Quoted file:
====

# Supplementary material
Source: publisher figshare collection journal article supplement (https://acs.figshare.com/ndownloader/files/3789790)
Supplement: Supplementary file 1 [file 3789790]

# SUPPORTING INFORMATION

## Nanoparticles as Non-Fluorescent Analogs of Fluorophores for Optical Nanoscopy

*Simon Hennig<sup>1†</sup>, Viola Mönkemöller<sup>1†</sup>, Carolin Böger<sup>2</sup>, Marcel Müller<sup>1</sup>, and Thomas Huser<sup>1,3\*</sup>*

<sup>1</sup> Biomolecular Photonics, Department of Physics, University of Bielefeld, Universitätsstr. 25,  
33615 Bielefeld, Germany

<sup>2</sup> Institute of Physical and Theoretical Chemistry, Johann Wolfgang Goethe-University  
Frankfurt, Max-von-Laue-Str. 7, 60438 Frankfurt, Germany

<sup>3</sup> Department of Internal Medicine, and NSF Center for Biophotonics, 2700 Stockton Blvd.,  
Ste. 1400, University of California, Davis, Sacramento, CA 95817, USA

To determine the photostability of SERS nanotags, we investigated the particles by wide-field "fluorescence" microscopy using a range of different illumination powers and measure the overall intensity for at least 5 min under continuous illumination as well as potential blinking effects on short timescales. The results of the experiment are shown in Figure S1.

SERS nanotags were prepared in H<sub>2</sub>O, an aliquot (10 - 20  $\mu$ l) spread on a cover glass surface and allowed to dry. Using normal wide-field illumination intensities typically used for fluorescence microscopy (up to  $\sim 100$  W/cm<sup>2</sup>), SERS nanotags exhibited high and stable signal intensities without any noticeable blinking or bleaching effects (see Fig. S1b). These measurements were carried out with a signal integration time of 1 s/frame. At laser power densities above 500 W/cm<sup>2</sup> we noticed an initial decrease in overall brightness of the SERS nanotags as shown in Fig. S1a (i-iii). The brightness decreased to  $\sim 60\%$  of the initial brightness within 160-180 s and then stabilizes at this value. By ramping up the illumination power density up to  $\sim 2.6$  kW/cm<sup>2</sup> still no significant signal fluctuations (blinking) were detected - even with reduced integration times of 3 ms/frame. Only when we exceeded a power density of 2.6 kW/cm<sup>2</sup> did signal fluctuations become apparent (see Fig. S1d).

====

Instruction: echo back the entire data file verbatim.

# Supplementary material
Source: publisher figshare collection journal article supplement (https://acs.figshare.com/ndownloader/files/3789790)
Supplement: Supplementary file 1 [file 3789790]

# SUPPORTING INFORMATION

## Nanoparticles as Non-Fluorescent Analogs of Fluorophores for Optical Nanoscopy

*Simon Hennig<sup>1†</sup>, Viola Mönkemöller<sup>1†</sup>, Carolin Böger<sup>2</sup>, Marcel Müller<sup>1</sup>, and Thomas Huser<sup>1,3\*</sup>*

<sup>1</sup> Biomolecular Photonics, Department of Physics, University of Bielefeld, Universitätsstr. 25,  
33615 Bielefeld, Germany

<sup>2</sup> Institute of Physical and Theoretical Chemistry, Johann Wolfgang Goethe-University  
Frankfurt, Max-von-Laue-Str. 7, 60438 Frankfurt, Germany

<sup>3</sup> Department of Internal Medicine, and NSF Center for Biophotonics, 2700 Stockton Blvd.,  
Ste. 1400, University of California, Davis, Sacramento, CA 95817, USA

To determine the photostability of SERS nanotags, we investigated the particles by wide-field "fluorescence" microscopy using a range of different illumination powers and measure the overall intensity for at least 5 min under continuous illumination as well as potential blinking effects on short timescales. The results of the experiment are shown in Figure S1.

SERS nanotags were prepared in H<sub>2</sub>O, an aliquot (10 - 20  $\mu$ l) spread on a cover glass surface and allowed to dry. Using normal wide-field illumination intensities typically used for fluorescence microscopy (up to  $\sim 100$  W/cm<sup>2</sup>), SERS nanotags exhibited high and stable signal intensities without any noticeable blinking or bleaching effects (see Fig. S1b). These measurements were carried out with a signal integration time of 1 s/frame. At laser power densities above 500 W/cm<sup>2</sup> we noticed an initial decrease in overall brightness of the SERS nanotags as shown in Fig. S1a (i-iii). The brightness decreased to  $\sim 60\%$  of the initial brightness within 160-180 s and then stabilizes at this value. By ramping up the illumination power density up to  $\sim 2.6$  kW/cm<sup>2</sup> still no significant signal fluctuations (blinking) were detected - even with reduced integration times of 3 ms/frame. Only when we exceeded a power density of 2.6 kW/cm<sup>2</sup> did signal fluctuations become apparent (see Fig. S1d).